And then there's this, which makes me want to puke:

> Despite the much higher cost of white-collar crime, it seems to cause less societal hand-wringing than what might be caught on a Ring camera, said W. David Ball, a professor at Santa Clara University School of Law. “Did people really feel that crime was ‘out of control’ after Theranos?” he said. “People lost hundreds of millions of dollars. You would have to break into every single car in San Francisco for the next ten years to amount to the amount stolen under Theranos.”

I suppose it's *theoretically* stealing when you invest in a fraudulent company, but if you really expect anyone to get as worked up about a person with enough money to invest in a startup losing said money vs a person whose kid's birthday present was stolen off the porch by a drug addict....your priorities are bit skewed to say the least. And in any other context except this twisted one where we are not supposed to punish racial minorities for petty crime would you suggest that the mom who just ordered a package from amazon is a less deserving victim than some investor-class white person.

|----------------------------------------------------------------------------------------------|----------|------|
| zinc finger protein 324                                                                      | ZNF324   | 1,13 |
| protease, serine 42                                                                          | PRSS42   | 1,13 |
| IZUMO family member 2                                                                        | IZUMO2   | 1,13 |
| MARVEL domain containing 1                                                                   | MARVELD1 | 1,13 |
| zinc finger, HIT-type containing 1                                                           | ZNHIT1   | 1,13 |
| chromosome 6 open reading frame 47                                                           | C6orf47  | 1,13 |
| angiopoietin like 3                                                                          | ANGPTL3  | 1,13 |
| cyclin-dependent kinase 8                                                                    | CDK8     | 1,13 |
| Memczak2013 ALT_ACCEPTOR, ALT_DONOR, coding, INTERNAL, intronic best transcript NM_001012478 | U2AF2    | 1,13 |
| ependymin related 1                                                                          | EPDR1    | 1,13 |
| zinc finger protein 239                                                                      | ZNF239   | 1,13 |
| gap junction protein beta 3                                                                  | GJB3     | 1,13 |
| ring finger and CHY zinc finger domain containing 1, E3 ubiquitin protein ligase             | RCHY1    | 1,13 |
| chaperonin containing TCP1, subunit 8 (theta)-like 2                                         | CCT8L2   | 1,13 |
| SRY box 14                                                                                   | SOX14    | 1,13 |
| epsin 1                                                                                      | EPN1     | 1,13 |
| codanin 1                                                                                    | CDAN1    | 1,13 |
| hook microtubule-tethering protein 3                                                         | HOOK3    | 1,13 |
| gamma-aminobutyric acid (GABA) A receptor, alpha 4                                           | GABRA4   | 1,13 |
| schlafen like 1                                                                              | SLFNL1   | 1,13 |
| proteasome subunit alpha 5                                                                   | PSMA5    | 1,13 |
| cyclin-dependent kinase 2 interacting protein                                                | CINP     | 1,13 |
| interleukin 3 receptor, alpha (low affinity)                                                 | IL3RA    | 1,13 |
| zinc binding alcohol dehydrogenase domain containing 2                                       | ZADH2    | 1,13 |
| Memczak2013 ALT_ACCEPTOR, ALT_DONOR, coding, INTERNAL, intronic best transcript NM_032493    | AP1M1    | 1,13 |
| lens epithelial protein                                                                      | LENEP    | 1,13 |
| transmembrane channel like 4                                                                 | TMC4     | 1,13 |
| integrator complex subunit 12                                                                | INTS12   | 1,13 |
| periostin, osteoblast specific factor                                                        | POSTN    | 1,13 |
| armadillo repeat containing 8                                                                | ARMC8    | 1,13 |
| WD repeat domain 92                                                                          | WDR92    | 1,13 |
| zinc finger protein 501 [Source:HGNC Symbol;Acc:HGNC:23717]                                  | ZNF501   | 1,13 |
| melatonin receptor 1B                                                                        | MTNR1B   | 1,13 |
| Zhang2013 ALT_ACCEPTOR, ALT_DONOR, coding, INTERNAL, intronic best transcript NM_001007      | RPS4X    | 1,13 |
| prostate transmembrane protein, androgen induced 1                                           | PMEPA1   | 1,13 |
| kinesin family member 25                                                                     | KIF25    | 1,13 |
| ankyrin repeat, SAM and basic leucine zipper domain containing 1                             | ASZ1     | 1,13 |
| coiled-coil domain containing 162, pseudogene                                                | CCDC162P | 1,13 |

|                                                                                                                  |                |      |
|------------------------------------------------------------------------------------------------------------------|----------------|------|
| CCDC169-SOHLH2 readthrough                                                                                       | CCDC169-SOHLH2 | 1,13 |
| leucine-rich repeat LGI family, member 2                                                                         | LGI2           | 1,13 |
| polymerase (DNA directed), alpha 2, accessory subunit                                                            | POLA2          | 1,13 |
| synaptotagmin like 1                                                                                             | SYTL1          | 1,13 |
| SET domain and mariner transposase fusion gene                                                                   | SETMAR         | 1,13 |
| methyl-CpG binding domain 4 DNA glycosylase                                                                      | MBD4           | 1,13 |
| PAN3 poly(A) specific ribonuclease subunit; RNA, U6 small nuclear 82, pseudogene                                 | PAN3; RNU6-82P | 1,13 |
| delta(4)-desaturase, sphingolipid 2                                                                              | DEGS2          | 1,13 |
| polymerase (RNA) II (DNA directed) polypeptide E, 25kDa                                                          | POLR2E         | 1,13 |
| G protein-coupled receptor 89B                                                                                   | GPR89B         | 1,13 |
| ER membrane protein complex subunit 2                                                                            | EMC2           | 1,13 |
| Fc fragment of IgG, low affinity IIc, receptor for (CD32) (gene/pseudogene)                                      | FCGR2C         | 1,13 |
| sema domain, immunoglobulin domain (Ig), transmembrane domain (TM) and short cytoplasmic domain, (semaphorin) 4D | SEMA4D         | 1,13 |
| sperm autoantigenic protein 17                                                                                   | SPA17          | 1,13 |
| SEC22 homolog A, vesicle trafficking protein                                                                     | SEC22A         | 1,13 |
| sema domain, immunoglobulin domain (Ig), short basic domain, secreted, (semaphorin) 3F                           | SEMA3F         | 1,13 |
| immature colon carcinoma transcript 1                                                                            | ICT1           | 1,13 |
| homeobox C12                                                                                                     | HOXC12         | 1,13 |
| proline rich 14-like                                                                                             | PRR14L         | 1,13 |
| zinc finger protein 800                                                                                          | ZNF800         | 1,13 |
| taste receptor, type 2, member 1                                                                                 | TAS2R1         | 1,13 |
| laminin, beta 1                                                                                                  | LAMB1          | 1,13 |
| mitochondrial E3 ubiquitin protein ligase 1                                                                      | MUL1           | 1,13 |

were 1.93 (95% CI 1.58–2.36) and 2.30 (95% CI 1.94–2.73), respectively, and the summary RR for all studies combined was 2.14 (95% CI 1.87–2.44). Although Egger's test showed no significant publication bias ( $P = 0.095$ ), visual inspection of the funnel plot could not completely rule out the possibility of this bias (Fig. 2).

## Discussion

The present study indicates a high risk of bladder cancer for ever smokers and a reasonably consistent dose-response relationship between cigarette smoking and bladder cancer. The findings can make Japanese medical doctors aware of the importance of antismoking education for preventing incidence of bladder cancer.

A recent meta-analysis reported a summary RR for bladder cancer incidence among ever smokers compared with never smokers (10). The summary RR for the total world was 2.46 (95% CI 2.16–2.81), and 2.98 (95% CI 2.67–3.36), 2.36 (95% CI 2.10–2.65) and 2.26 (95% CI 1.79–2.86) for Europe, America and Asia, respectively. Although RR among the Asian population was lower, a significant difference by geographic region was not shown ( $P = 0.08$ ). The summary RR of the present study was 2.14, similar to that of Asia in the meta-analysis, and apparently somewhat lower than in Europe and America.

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Great article! I read somewhere once (can't remember where and a Google search didn't come up with anything) that a large percent of crime in America is committed by a tiny percent of the population. The subject of the story was a one-woman crime wave and excellent anecdotal evidence of that thesis.

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You clearly didn't read the whole article.

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Not even 1/3 of the way into the article the subject admits to stealing "once or twice, three times at the most".

Of course there's a ton of evidence, including neighbors' mail she still had in her possession, that this was a big lie.

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Having been caught stealing does tend to make people more suspicious of you in regard to stealing, much as having been caught doing all sorts of other crimes tends to make one suspect.

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It also tends to damage your credibility when claiming that you definitely didn't steal that unopened package, addressed to someone else, that you are carrying home, but rather found it laying on the side of the road and assumed it was abandoned property, free for the taking.

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How dare you!